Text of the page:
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Shedding light on key green issues

key green issues



Shedding light on key green issues

By: Patrick Moore
Published: May 12, 2008
National Post

Since leaving Greenpeace I have been called many names by my former colleagues — a fact that the National Post’s May 1 report (“‘Eco-Judas’ battles on”) makes clear. Not a single sentence in the lengthy article discusses the merits of the issues that I and my colleagues at Greenspirit Strategies support. Instead, the article provides a platform for every detractor to vent his or her empty rhetoric. I am variously called an eco-Judas, turncoat, green-basher, greenwasher, corporate shill, flip-flopper, sellout and finally, Darth Vader.

Name-calling, otherwise known as an ad hominem attack, sheds light on nothing other than the accuser’s lack of knowledge.

But my personal mission, as well as the mission of the Greenspirit Strategies organization, is to shed light directly on some key environmental issues. I admit this may offend my former colleagues at Greenpeace, who reject nuclear power, genetic enhancement, many chemicals and plastics, industrial forestry and salmon aquaculture — all of which have beneficial uses.

Given the fact there are 6.5 billion of us on the planet needing food, energy and materials daily, what sort of environmentalist would I be if I didn’t speak out on issues where Greenpeace, the group I helped found and run for many years, has got it so wrong?

Consider chlorine: The Post quotes me as stating that the reason I oppose Greenpeace’s call for a global ban on chlorine is that “you can’t ban an element.” This fails to reflect the most important points. At the time Greenpeace was adopting this policy I pointed out to them that adding chlorine to drinking water was the biggest advance in the history of public health. I also reminded them that the majority of our pharmaceuticals are based on chlorine chemistry. And for good measure I suggested that the best way to deliver the slightly chlorinated drinking water to the general public was in a PVC (polyvinyl chloride) pipe. They behaved as if these were minor exceptions to the general rule that chlorine should be banned worldwide, so I had to leave.

On forests and forestry: Greenpeace is basically anti-forestry. Cutting fewer trees means using less wood. Using less wood means using more steel, concrete and plastic, all of which require a lot of energy, usually fossil fuels, to produce. Wood, which is the most abundant renewable material on Earth, is made with solar energy in the forest. We in Greenspirit believe the correct policy is to grow more trees and use more wood, not less. This pulls more carbon dioxide out of the atmosphere (wood is about 50% carbon) and reduces the amount going into the atmosphere by using wood in place of non-renewable materials.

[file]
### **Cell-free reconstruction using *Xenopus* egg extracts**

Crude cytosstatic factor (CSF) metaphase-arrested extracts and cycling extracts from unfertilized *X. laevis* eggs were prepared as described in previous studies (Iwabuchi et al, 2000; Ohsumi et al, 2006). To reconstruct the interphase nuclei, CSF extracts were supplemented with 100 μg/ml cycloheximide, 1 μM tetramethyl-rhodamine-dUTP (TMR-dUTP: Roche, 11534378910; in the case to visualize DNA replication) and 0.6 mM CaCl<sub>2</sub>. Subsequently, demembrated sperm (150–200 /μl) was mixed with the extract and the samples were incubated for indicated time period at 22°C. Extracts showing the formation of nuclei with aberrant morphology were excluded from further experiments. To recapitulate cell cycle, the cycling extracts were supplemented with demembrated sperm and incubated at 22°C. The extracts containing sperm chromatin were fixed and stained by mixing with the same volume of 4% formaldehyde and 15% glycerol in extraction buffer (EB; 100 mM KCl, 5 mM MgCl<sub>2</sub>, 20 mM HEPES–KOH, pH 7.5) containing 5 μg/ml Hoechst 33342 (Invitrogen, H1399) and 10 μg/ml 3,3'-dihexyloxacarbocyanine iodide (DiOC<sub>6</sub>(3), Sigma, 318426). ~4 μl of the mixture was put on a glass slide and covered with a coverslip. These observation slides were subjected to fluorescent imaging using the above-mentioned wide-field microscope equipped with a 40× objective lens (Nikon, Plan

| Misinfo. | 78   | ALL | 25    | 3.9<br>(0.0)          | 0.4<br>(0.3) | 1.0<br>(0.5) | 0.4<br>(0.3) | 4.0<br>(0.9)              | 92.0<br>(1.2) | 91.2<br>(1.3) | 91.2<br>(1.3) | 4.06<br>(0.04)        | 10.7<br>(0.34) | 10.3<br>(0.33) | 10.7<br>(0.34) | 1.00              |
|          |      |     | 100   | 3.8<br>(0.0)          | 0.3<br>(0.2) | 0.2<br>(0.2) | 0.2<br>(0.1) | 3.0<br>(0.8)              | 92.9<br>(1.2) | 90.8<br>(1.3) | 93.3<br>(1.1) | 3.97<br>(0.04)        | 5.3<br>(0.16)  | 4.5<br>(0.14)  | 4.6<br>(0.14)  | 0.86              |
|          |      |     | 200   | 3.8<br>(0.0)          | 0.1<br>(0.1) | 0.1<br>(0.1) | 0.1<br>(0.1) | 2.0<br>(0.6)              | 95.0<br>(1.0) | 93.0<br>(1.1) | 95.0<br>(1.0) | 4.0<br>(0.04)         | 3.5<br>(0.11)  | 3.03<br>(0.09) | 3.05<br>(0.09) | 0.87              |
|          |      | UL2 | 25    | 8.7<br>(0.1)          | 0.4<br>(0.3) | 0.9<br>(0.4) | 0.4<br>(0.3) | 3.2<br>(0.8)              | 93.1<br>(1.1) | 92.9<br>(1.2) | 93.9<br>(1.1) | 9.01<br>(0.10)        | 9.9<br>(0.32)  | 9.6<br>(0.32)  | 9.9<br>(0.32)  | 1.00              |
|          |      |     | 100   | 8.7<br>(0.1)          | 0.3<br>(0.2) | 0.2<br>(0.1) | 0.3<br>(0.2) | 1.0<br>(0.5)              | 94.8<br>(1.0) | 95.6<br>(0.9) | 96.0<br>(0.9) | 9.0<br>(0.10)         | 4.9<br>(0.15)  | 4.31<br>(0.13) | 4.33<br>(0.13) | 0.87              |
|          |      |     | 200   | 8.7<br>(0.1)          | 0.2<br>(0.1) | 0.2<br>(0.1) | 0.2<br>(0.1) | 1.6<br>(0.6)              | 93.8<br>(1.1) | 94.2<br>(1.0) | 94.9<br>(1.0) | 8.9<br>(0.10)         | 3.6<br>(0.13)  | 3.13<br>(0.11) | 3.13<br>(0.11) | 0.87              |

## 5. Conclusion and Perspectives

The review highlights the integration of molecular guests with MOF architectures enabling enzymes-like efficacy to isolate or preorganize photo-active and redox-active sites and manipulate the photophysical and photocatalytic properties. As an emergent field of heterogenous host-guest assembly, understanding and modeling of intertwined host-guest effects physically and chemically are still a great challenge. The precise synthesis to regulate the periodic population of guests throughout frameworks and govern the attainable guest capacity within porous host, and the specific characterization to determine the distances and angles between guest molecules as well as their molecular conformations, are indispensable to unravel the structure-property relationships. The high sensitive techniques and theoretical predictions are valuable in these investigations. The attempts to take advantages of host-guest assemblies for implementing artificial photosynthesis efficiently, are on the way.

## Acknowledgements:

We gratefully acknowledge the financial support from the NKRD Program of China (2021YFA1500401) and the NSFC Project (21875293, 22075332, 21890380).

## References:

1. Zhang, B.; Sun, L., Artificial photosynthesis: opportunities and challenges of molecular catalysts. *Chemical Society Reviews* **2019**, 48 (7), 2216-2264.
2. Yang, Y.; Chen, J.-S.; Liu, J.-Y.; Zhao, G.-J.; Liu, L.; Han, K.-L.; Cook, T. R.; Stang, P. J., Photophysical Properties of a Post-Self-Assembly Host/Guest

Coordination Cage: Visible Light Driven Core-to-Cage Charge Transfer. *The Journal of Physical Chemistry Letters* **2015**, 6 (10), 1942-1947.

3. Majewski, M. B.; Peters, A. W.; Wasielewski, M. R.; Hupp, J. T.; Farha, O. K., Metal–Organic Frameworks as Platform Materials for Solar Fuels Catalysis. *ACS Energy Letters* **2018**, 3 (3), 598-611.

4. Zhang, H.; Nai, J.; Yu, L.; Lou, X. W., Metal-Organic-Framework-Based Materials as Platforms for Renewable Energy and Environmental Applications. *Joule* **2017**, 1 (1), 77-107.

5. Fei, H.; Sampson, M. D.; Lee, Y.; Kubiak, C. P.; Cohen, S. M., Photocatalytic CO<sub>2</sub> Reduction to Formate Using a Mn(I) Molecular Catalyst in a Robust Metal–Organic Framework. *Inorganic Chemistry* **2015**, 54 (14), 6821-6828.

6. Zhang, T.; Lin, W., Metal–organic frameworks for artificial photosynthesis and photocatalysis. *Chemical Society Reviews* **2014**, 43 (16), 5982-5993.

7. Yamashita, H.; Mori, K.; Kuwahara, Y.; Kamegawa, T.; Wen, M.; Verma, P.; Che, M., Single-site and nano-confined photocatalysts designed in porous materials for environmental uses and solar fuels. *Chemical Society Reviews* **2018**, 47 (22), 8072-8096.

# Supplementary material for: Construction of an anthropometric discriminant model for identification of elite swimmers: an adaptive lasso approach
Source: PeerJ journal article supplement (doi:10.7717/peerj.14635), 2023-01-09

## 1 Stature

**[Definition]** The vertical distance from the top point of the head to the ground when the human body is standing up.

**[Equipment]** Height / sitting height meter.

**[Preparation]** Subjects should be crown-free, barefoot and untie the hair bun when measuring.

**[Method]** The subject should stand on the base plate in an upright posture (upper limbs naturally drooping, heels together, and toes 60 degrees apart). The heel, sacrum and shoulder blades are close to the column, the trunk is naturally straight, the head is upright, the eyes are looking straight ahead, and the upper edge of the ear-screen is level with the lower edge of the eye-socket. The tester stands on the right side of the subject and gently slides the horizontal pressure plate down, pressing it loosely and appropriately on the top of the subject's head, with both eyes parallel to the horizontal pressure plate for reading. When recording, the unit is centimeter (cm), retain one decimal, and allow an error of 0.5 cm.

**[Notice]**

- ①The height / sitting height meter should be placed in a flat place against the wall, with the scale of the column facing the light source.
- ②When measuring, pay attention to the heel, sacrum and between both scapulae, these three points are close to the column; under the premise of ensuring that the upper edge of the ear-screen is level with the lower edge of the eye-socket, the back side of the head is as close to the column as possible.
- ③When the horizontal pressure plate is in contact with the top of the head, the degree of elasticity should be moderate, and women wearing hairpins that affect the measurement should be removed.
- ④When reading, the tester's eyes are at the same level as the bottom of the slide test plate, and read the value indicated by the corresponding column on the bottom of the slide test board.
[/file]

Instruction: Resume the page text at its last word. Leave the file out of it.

On genetic modification (GM): Greenpeace and its allies conjure up some invisible poison in GM foods even though there is not a shred of evidence of harm to health or the environment. We believe that our knowledge of genetic science should be used to improve the nutrition in our food, the effectiveness of our medicines and to reduce the environmental impacts of agriculture. Genetically modified rice could virtually end nutrient deficiency overnight, but Greenpeace and company have successfully blocked its introduction for seven years. Meanwhile half a million people, mostly children, go blind every year from Vitamin A deficiency even though the cure, Golden Rice, has already been invented.

On nuclear energy: The Post report makes it seem like George Bush and I are the only people on Earth that support it. In fact 21 countries produce 15% or more of their electricity with nuclear energy. Ontario, which gets half its electricity from nuclear, has made the decision to build new nuclear plants and both Alberta and New Brunswick are seriously considering building more. France produces 80% of its electricity with nuclear, has reasonable electricity rates and recycles its used nuclear fuel. Sweden gets 50% of its power from nuclear and the rest from hydro, the other technology that can provide continuous power with virtually no emissions. That’s why Sweden has the lowest CO2 emissions per capita of any country in Western Europe, followed closely by France. We believe that nuclear energy is a key technology to replace fossil fuels for the production of electricity, hydrogen, heat and the desalinization of sea water.

We do not think these reasoned positions justify the use of name-calling and derision. They deserve thoughtful, on-the-topic discussion and debate. And we do not think Greenpeace is our enemy, as the Post report implies. We simply think Greenpeace is wrong in using misinformation and fear to promote an agenda that we believe is largely off the mark.

-An advisor to government and industry, Dr. Moore is a co-founder and former leader of Greenpeace. He is chair and chief scientist of Greenspirit Strategies Ltd.

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